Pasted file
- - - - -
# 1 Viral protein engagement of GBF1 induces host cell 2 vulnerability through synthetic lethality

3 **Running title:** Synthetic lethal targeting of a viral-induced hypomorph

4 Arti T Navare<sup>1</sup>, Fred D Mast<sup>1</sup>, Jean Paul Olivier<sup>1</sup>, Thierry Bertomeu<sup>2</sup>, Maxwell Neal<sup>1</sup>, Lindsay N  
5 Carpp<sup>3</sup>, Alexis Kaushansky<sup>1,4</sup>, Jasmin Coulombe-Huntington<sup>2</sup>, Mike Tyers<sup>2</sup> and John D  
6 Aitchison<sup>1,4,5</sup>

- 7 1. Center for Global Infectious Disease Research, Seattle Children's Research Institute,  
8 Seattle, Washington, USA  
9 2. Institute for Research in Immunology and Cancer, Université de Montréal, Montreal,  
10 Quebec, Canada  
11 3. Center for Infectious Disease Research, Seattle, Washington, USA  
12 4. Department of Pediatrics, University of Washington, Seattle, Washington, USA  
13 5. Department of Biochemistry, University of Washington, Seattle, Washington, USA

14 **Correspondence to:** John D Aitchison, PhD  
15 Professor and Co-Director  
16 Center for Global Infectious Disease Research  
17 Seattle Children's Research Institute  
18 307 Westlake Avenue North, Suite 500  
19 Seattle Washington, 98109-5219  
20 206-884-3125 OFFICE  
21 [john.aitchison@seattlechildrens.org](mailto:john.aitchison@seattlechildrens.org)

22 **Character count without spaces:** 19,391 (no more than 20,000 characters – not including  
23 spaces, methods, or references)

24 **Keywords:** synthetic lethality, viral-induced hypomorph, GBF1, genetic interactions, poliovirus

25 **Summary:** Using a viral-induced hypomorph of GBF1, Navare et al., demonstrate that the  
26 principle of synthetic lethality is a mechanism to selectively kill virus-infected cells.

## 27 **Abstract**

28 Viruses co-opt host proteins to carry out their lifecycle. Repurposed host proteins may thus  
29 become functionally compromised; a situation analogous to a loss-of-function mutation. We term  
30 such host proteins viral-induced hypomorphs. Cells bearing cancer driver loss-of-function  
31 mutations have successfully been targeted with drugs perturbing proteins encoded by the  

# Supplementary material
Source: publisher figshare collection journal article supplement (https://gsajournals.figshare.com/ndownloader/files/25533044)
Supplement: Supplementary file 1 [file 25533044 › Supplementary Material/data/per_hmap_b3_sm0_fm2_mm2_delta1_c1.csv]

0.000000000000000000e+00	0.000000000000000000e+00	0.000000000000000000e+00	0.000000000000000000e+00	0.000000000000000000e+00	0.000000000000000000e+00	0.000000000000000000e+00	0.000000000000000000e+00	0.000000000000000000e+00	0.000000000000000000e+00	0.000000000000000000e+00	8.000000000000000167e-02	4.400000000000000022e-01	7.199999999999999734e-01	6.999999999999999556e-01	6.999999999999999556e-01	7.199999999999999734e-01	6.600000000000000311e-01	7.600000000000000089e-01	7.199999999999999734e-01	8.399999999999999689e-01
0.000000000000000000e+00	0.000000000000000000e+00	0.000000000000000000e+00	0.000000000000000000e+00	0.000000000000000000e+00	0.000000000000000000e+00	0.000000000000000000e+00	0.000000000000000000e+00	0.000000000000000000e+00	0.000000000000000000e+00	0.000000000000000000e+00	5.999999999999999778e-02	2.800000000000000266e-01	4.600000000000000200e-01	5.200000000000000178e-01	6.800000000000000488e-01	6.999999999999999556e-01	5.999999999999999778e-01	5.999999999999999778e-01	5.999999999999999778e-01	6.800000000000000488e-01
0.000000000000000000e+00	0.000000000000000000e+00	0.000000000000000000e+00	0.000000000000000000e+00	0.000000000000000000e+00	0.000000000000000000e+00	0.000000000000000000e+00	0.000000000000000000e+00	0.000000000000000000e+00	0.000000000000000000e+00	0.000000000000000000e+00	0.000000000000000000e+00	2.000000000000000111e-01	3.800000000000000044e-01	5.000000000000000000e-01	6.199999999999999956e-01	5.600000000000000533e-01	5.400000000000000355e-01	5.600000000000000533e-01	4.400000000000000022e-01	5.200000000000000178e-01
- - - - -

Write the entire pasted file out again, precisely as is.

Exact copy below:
# 1 Viral protein engagement of GBF1 induces host cell 2 vulnerability through synthetic lethality

3 **Running title:** Synthetic lethal targeting of a viral-induced hypomorph

4 Arti T Navare<sup>1</sup>, Fred D Mast<sup>1</sup>, Jean Paul Olivier<sup>1</sup>, Thierry Bertomeu<sup>2</sup>, Maxwell Neal<sup>1</sup>, Lindsay N  
5 Carpp<sup>3</sup>, Alexis Kaushansky<sup>1,4</sup>, Jasmin Coulombe-Huntington<sup>2</sup>, Mike Tyers<sup>2</sup> and John D  
6 Aitchison<sup>1,4,5</sup>

- 7 1. Center for Global Infectious Disease Research, Seattle Children's Research Institute,  
8 Seattle, Washington, USA  
9 2. Institute for Research in Immunology and Cancer, Université de Montréal, Montreal,  
10 Quebec, Canada  
11 3. Center for Infectious Disease Research, Seattle, Washington, USA  
12 4. Department of Pediatrics, University of Washington, Seattle, Washington, USA  
13 5. Department of Biochemistry, University of Washington, Seattle, Washington, USA

14 **Correspondence to:** John D Aitchison, PhD  
15 Professor and Co-Director  
16 Center for Global Infectious Disease Research  
17 Seattle Children's Research Institute  
18 307 Westlake Avenue North, Suite 500  
19 Seattle Washington, 98109-5219  
20 206-884-3125 OFFICE  
21 [john.aitchison@seattlechildrens.org](mailto:john.aitchison@seattlechildrens.org)

22 **Character count without spaces:** 19,391 (no more than 20,000 characters – not including  
23 spaces, methods, or references)

24 **Keywords:** synthetic lethality, viral-induced hypomorph, GBF1, genetic interactions, poliovirus

25 **Summary:** Using a viral-induced hypomorph of GBF1, Navare et al., demonstrate that the  
26 principle of synthetic lethality is a mechanism to selectively kill virus-infected cells.

## 27 **Abstract**

28 Viruses co-opt host proteins to carry out their lifecycle. Repurposed host proteins may thus  
29 become functionally compromised; a situation analogous to a loss-of-function mutation. We term  
30 such host proteins viral-induced hypomorphs. Cells bearing cancer driver loss-of-function  
31 mutations have successfully been targeted with drugs perturbing proteins encoded by the  

# Supplementary material
Source: publisher figshare collection journal article supplement (https://gsajournals.figshare.com/ndownloader/files/25533044)
Supplement: Supplementary file 1 [file 25533044 › Supplementary Material/data/per_hmap_b3_sm0_fm2_mm2_delta1_c1.csv]

0.000000000000000000e+00	0.000000000000000000e+00	0.000000000000000000e+00	0.000000000000000000e+00	0.000000000000000000e+00	0.000000000000000000e+00	0.000000000000000000e+00	0.000000000000000000e+00	0.000000000000000000e+00	0.000000000000000000e+00	0.000000000000000000e+00	8.000000000000000167e-02	4.400000000000000022e-01	7.199999999999999734e-01	6.999999999999999556e-01	6.999999999999999556e-01	7.199999999999999734e-01	6.600000000000000311e-01	7.600000000000000089e-01	7.199999999999999734e-01	8.399999999999999689e-01
0.000000000000000000e+00	0.000000000000000000e+00	0.000000000000000000e+00	0.000000000000000000e+00	0.000000000000000000e+00	0.000000000000000000e+00	0.000000000000000000e+00	0.000000000000000000e+00	0.000000000000000000e+00	0.000000000000000000e+00	0.000000000000000000e+00	5.999999999999999778e-02	2.800000000000000266e-01	4.600000000000000200e-01	5.200000000000000178e-01	6.800000000000000488e-01	6.999999999999999556e-01	5.999999999999999778e-01	5.999999999999999778e-01	5.999999999999999778e-01	6.800000000000000488e-01
0.000000000000000000e+00	0.000000000000000000e+00	0.000000000000000000e+00	0.000000000000000000e+00	0.000000000000000000e+00	0.000000000000000000e+00	0.000000000000000000e+00	0.000000000000000000e+00	0.000000000000000000e+00	0.000000000000000000e+00	0.000000000000000000e+00	0.000000000000000000e+00	2.000000000000000111e-01	3.800000000000000044e-01	5.000000000000000000e-01	6.199999999999999956e-01	5.600000000000000533e-01	5.400000000000000355e-01	5.600000000000000533e-01	4.400000000000000022e-01	5.200000000000000178e-01